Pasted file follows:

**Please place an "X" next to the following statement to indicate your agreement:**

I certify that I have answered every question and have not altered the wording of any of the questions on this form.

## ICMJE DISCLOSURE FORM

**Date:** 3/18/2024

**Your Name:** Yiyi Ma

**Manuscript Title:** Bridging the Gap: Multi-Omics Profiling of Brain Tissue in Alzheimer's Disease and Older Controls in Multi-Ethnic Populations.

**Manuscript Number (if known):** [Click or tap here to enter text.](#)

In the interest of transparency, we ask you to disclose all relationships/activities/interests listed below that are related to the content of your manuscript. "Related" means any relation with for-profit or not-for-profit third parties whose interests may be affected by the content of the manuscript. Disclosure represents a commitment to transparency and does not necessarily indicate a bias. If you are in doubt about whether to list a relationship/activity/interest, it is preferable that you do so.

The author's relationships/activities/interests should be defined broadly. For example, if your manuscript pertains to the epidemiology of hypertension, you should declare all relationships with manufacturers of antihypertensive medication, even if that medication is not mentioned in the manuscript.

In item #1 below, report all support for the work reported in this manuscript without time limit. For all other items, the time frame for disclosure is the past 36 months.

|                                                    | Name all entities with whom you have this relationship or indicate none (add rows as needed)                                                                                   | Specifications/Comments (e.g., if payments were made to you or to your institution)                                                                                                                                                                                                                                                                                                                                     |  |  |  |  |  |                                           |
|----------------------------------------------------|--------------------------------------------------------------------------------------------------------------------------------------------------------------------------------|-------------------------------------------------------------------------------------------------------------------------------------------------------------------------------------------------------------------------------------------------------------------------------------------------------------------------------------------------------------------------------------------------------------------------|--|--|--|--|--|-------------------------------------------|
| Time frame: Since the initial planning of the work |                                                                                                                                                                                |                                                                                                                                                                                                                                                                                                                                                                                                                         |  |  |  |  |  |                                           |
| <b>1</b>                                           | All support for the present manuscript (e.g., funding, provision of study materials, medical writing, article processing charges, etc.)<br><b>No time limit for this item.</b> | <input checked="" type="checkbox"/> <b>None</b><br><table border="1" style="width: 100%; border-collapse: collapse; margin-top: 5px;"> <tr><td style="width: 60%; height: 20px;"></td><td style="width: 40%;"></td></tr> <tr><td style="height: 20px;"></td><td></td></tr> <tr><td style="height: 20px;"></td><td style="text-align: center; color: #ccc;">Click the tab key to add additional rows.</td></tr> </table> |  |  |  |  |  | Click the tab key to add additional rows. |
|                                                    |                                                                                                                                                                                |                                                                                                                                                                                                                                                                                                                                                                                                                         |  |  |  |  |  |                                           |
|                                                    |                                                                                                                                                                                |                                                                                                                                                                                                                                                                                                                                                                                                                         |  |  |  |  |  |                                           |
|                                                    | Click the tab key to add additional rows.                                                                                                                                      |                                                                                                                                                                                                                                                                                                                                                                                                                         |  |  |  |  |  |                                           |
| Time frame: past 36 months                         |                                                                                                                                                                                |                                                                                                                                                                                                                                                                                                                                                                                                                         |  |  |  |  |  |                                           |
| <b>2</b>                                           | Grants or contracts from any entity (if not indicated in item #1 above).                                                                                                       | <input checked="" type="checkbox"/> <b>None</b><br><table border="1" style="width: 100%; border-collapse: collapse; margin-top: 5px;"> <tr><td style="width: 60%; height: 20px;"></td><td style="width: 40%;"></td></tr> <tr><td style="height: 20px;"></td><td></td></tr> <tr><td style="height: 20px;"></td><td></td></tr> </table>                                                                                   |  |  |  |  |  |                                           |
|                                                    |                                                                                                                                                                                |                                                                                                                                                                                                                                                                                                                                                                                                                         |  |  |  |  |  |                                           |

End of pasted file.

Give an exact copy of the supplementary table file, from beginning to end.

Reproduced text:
**Please place an "X" next to the following statement to indicate your agreement:**

I certify that I have answered every question and have not altered the wording of any of the questions on this form.

## ICMJE DISCLOSURE FORM

**Date:** 3/18/2024

**Your Name:** Yiyi Ma

**Manuscript Title:** Bridging the Gap: Multi-Omics Profiling of Brain Tissue in Alzheimer's Disease and Older Controls in Multi-Ethnic Populations.

**Manuscript Number (if known):** [Click or tap here to enter text.](#)

In the interest of transparency, we ask you to disclose all relationships/activities/interests listed below that are related to the content of your manuscript. "Related" means any relation with for-profit or not-for-profit third parties whose interests may be affected by the content of the manuscript. Disclosure represents a commitment to transparency and does not necessarily indicate a bias. If you are in doubt about whether to list a relationship/activity/interest, it is preferable that you do so.

The author's relationships/activities/interests should be defined broadly. For example, if your manuscript pertains to the epidemiology of hypertension, you should declare all relationships with manufacturers of antihypertensive medication, even if that medication is not mentioned in the manuscript.

In item #1 below, report all support for the work reported in this manuscript without time limit. For all other items, the time frame for disclosure is the past 36 months.

|                                                    | Name all entities with whom you have this relationship or indicate none (add rows as needed)                                                                                   | Specifications/Comments (e.g., if payments were made to you or to your institution)                                                                                                                                                                                                                                                                                                                                     |  |  |  |  |  |                                           |
|----------------------------------------------------|--------------------------------------------------------------------------------------------------------------------------------------------------------------------------------|-------------------------------------------------------------------------------------------------------------------------------------------------------------------------------------------------------------------------------------------------------------------------------------------------------------------------------------------------------------------------------------------------------------------------|--|--|--|--|--|-------------------------------------------|
| Time frame: Since the initial planning of the work |                                                                                                                                                                                |                                                                                                                                                                                                                                                                                                                                                                                                                         |  |  |  |  |  |                                           |
| <b>1</b>                                           | All support for the present manuscript (e.g., funding, provision of study materials, medical writing, article processing charges, etc.)<br><b>No time limit for this item.</b> | <input checked="" type="checkbox"/> <b>None</b><br><table border="1" style="width: 100%; border-collapse: collapse; margin-top: 5px;"> <tr><td style="width: 60%; height: 20px;"></td><td style="width: 40%;"></td></tr> <tr><td style="height: 20px;"></td><td></td></tr> <tr><td style="height: 20px;"></td><td style="text-align: center; color: #ccc;">Click the tab key to add additional rows.</td></tr> </table> |  |  |  |  |  | Click the tab key to add additional rows. |
|                                                    |                                                                                                                                                                                |                                                                                                                                                                                                                                                                                                                                                                                                                         |  |  |  |  |  |                                           |
|                                                    |                                                                                                                                                                                |                                                                                                                                                                                                                                                                                                                                                                                                                         |  |  |  |  |  |                                           |
|                                                    | Click the tab key to add additional rows.                                                                                                                                      |                                                                                                                                                                                                                                                                                                                                                                                                                         |  |  |  |  |  |                                           |
| Time frame: past 36 months                         |                                                                                                                                                                                |                                                                                                                                                                                                                                                                                                                                                                                                                         |  |  |  |  |  |                                           |
| <b>2</b>                                           | Grants or contracts from any entity (if not indicated in item #1 above).                                                                                                       | <input checked="" type="checkbox"/> <b>None</b><br><table border="1" style="width: 100%; border-collapse: collapse; margin-top: 5px;"> <tr><td style="width: 60%; height: 20px;"></td><td style="width: 40%;"></td></tr> <tr><td style="height: 20px;"></td><td></td></tr> <tr><td style="height: 20px;"></td><td></td></tr> </table>                                                                                   |  |  |  |  |  |                                           |
|                                                    |                                                                                                                                                                                |                                                                                                                                                                                                                                                                                                                                                                                                                         |  |  |  |  |  |                                           |